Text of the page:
standardized tests


School districts around the state were forced to change their standardized testing schedules because of a system malfunction. Ohio’s testing vendor, AIR, told the state that students were not able to log-in and access their tests. One lawmaker says this is an example of a bigger issue he’s concerned about.

Akron Public Schools offices
Tim Rudell / WKSU

Hundreds of students in Akron were among those prevented from beginning a state-required exam Wednesday due to a computer glitch that impacted testing statewide. 

Testing resumed Thursday after a bug in the testing vendor’s system prevented students from logging in to their English Language Arts exams Wednesday.

A spokesperson with the Ohio Department of Education says ODE was notified Wednesday morning by the American Institutes for Research, of a problem with its log in system.

Elementary students

Ohio lawmakers are debating whether schools should completely phase out state tests taken with paper and pencil in favor of online testing only.  The end of the school year marks a new age for state testing.

Starting next year, taking the standardized tests on computers will be the only option unless the district makes a special request because of a certain need.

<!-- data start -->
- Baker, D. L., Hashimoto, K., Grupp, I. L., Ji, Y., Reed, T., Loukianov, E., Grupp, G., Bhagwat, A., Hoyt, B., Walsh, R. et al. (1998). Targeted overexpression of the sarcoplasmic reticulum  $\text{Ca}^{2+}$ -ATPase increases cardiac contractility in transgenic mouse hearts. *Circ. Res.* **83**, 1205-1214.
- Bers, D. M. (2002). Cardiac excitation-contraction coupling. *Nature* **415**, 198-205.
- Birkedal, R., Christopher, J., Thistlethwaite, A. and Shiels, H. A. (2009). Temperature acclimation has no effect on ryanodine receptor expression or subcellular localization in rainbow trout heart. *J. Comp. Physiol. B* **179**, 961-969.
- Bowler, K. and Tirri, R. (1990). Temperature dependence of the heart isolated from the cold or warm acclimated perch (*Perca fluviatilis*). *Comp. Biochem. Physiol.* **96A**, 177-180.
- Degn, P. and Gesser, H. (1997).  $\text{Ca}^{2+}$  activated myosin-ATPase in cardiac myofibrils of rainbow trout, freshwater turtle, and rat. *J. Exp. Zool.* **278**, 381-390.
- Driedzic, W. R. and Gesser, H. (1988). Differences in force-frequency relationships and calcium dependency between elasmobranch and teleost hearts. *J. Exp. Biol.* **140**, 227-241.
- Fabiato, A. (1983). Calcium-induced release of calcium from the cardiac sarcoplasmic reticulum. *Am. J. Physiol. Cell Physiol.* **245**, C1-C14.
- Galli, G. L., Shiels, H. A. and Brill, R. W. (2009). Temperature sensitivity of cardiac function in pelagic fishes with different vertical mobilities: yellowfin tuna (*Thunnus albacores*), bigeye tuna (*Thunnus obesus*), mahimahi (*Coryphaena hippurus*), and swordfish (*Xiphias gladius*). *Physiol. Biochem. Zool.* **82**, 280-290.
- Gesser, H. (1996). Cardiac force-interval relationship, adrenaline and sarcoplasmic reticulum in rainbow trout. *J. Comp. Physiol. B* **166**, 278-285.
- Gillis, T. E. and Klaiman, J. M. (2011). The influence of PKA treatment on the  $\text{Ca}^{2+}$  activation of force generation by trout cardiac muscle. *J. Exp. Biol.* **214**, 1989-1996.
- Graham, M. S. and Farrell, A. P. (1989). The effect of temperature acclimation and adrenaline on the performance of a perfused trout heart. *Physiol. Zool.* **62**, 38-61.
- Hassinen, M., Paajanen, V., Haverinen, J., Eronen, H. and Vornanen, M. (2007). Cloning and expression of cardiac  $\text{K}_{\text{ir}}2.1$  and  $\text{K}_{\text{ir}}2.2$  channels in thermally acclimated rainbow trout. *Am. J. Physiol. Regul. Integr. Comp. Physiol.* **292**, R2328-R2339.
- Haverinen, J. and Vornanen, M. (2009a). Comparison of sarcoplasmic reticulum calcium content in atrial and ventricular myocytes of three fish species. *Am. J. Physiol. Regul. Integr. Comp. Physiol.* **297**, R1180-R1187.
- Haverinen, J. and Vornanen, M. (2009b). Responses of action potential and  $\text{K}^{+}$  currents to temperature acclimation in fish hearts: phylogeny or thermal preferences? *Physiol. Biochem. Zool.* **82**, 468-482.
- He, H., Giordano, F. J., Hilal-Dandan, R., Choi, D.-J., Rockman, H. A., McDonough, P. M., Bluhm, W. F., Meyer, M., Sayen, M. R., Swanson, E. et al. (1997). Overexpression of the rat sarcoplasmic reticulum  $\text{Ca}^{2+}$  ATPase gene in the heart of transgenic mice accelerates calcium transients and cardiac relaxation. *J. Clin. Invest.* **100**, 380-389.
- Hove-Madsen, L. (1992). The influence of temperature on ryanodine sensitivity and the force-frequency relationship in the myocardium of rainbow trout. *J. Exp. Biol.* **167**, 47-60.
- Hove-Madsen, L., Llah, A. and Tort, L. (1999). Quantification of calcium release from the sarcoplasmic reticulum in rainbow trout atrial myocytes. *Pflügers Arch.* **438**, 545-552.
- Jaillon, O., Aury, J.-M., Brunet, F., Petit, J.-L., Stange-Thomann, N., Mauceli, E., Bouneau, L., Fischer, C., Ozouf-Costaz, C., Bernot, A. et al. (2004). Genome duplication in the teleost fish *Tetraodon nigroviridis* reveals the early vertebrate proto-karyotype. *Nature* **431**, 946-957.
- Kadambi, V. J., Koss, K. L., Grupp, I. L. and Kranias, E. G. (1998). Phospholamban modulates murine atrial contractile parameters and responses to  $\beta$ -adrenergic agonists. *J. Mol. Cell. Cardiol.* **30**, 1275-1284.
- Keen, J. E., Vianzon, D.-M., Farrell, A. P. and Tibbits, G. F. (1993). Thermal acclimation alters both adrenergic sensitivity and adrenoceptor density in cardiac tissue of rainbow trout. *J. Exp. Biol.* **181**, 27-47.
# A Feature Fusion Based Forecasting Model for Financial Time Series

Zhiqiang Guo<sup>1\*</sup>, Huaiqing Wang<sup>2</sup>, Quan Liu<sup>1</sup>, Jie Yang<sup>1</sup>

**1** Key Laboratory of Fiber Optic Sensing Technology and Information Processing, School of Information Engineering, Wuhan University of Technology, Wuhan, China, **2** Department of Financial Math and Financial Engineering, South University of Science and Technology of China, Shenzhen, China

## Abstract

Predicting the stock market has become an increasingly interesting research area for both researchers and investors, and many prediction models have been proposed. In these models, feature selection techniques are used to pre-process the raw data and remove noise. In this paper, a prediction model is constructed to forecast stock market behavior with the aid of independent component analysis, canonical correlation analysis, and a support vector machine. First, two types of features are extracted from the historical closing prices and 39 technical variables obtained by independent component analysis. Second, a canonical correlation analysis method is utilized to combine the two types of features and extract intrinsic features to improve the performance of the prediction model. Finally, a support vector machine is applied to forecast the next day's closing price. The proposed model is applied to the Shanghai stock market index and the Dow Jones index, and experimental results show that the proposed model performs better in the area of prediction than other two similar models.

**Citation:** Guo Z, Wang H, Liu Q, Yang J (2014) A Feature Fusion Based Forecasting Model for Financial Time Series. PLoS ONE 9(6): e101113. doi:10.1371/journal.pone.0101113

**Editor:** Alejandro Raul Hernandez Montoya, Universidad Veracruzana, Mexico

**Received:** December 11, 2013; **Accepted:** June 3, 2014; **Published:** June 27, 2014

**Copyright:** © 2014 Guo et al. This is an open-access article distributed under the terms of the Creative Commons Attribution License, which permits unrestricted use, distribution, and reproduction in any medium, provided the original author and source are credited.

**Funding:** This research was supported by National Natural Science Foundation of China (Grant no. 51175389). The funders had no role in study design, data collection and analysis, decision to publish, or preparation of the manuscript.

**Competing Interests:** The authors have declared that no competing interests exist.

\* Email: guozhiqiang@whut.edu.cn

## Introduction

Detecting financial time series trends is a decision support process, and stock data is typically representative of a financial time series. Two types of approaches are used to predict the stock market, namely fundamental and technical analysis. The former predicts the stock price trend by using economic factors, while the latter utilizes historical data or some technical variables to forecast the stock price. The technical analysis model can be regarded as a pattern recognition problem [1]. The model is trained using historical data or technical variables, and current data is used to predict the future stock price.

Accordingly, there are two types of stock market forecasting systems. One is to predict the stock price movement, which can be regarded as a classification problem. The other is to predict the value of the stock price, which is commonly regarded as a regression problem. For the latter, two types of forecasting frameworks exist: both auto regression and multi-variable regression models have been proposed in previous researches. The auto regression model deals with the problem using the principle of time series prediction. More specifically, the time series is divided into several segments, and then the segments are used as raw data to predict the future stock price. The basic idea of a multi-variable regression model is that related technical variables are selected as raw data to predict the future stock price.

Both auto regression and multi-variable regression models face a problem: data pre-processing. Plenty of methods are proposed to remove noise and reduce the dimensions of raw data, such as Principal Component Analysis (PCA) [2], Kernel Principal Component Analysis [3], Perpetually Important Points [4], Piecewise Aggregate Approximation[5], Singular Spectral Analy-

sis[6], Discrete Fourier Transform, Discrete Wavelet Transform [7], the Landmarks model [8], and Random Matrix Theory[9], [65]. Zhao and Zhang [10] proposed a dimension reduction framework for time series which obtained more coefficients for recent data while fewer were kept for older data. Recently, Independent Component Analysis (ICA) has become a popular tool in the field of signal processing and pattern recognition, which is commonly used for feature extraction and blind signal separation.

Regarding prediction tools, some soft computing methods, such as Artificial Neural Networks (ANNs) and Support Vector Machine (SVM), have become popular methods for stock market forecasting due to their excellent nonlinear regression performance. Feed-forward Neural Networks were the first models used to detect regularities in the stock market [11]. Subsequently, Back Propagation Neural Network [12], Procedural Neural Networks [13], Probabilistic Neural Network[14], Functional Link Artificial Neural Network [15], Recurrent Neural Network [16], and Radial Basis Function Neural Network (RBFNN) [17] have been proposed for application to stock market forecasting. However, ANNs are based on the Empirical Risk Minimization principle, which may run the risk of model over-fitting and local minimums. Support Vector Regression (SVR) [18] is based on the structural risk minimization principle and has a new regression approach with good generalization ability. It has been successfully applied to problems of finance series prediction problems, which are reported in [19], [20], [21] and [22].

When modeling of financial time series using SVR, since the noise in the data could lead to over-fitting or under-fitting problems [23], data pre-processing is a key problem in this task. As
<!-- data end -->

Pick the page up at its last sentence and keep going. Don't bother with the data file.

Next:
photo of the Ohio Board of Education

High schools around the state are facing a crucial dilemma as about a third of their students are not on track to graduate. That’s based on the new graduation standards that begin with the class of 2018.

Leaders are scrambling to find a way to remedy the approaching crisis.

The meeting of the State Board of Education in Columbus this week was not our typical monthly meeting. This time, the futures of thousands of students were potentially on the line, as board members debated what to do with Ohio’s high-school graduation requirements.

Ohio Department of Education logo

The Class of 2018 in Ohio’s high schools will be the first to choose their route to graduation – pass some state tests, take a college entrance exam or earn an industry credential.

But new numbers show as much as a third of those students won’t be able to get their diplomas when those new graduation standards take effect next year. That has the state’s education leaders scrambling to make changes.